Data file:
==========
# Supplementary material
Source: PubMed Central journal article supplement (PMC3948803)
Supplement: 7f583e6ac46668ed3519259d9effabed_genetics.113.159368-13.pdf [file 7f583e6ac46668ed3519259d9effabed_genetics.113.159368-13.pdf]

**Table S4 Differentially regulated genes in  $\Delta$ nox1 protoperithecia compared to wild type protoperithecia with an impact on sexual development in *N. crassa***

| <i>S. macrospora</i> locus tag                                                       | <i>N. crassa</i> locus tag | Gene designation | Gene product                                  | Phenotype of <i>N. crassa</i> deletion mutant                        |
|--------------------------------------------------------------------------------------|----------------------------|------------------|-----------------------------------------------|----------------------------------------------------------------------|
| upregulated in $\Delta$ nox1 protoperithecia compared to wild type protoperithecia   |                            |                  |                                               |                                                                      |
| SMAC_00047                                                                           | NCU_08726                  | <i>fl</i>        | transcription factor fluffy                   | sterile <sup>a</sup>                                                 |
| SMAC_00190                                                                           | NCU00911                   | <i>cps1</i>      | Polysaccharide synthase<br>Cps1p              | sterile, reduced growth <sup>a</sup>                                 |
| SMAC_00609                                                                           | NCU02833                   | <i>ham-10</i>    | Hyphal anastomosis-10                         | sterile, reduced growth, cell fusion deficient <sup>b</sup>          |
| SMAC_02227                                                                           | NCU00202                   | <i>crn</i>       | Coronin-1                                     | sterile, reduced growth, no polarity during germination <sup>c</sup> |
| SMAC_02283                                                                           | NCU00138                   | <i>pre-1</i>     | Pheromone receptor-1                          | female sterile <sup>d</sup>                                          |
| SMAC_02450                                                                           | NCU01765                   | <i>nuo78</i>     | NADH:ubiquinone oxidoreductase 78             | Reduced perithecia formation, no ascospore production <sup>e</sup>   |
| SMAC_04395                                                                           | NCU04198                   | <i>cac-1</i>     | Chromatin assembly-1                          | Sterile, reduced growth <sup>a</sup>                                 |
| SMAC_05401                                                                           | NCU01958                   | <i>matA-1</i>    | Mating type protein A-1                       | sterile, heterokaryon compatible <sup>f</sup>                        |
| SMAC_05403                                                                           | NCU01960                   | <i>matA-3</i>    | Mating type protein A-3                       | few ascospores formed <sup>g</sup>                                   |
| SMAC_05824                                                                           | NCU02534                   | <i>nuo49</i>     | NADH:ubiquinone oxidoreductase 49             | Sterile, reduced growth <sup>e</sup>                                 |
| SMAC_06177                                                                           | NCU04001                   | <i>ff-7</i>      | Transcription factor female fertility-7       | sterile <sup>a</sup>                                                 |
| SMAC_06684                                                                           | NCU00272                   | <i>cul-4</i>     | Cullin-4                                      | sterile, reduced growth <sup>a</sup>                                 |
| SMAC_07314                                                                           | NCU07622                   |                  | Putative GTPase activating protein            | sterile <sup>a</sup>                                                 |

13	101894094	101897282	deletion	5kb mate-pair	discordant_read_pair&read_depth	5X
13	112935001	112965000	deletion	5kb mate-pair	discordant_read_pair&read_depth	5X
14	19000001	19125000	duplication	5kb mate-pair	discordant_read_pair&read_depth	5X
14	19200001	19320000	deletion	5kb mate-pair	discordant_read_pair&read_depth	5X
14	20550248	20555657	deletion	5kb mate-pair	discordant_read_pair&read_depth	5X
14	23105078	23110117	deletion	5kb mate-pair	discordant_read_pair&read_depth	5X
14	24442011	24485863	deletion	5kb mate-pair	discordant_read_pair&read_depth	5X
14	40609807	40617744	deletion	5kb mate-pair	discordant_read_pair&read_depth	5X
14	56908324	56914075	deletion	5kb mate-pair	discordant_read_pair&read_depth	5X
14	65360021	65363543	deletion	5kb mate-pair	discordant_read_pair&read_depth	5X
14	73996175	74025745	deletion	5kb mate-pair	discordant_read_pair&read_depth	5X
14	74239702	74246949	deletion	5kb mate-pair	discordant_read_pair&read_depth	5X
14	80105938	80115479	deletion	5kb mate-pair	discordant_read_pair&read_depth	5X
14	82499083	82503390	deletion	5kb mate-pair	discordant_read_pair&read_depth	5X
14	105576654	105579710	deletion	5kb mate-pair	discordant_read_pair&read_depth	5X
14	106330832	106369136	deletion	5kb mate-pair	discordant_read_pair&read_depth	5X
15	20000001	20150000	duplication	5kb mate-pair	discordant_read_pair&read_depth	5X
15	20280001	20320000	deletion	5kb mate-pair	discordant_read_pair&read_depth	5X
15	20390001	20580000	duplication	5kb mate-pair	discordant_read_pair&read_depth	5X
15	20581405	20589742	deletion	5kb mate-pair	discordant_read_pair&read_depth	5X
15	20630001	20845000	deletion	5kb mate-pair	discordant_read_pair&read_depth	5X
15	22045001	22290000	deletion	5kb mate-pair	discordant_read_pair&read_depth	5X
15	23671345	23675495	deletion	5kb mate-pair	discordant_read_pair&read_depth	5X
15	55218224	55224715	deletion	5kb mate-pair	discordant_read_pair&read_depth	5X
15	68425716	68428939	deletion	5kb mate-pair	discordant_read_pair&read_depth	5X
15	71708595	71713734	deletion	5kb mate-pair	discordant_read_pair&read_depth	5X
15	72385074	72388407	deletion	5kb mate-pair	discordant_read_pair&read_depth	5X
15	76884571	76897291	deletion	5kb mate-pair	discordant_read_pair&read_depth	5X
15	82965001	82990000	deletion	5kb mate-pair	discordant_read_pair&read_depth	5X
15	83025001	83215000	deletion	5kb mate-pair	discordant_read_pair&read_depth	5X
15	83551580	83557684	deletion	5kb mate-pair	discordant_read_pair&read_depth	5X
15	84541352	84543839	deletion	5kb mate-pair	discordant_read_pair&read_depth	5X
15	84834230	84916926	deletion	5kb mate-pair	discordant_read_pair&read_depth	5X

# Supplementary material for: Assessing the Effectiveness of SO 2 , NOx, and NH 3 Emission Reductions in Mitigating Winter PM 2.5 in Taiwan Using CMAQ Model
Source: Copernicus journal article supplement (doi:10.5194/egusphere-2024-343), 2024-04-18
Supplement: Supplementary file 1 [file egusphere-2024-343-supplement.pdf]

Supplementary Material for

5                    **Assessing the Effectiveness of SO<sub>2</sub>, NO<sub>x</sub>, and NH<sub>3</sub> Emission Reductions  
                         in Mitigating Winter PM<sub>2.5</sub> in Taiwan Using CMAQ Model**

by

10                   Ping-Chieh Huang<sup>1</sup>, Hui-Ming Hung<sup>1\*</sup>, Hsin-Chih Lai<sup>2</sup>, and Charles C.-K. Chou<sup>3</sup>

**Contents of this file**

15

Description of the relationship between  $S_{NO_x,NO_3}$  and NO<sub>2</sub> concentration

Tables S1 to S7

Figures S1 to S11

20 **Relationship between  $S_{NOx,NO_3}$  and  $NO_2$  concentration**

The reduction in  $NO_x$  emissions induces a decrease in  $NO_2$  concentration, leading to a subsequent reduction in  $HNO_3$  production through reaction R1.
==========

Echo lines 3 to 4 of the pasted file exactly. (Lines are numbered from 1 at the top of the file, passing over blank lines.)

Supplement: 7f583e6ac46668ed3519259d9effabed_genetics.113.159368-13.pdf [file 7f583e6ac46668ed3519259d9effabed_genetics.113.159368-13.pdf]

**Table S4 Differentially regulated genes in  $\Delta$ nox1 protoperithecia compared to wild type protoperithecia with an impact on sexual development in *N. crassa***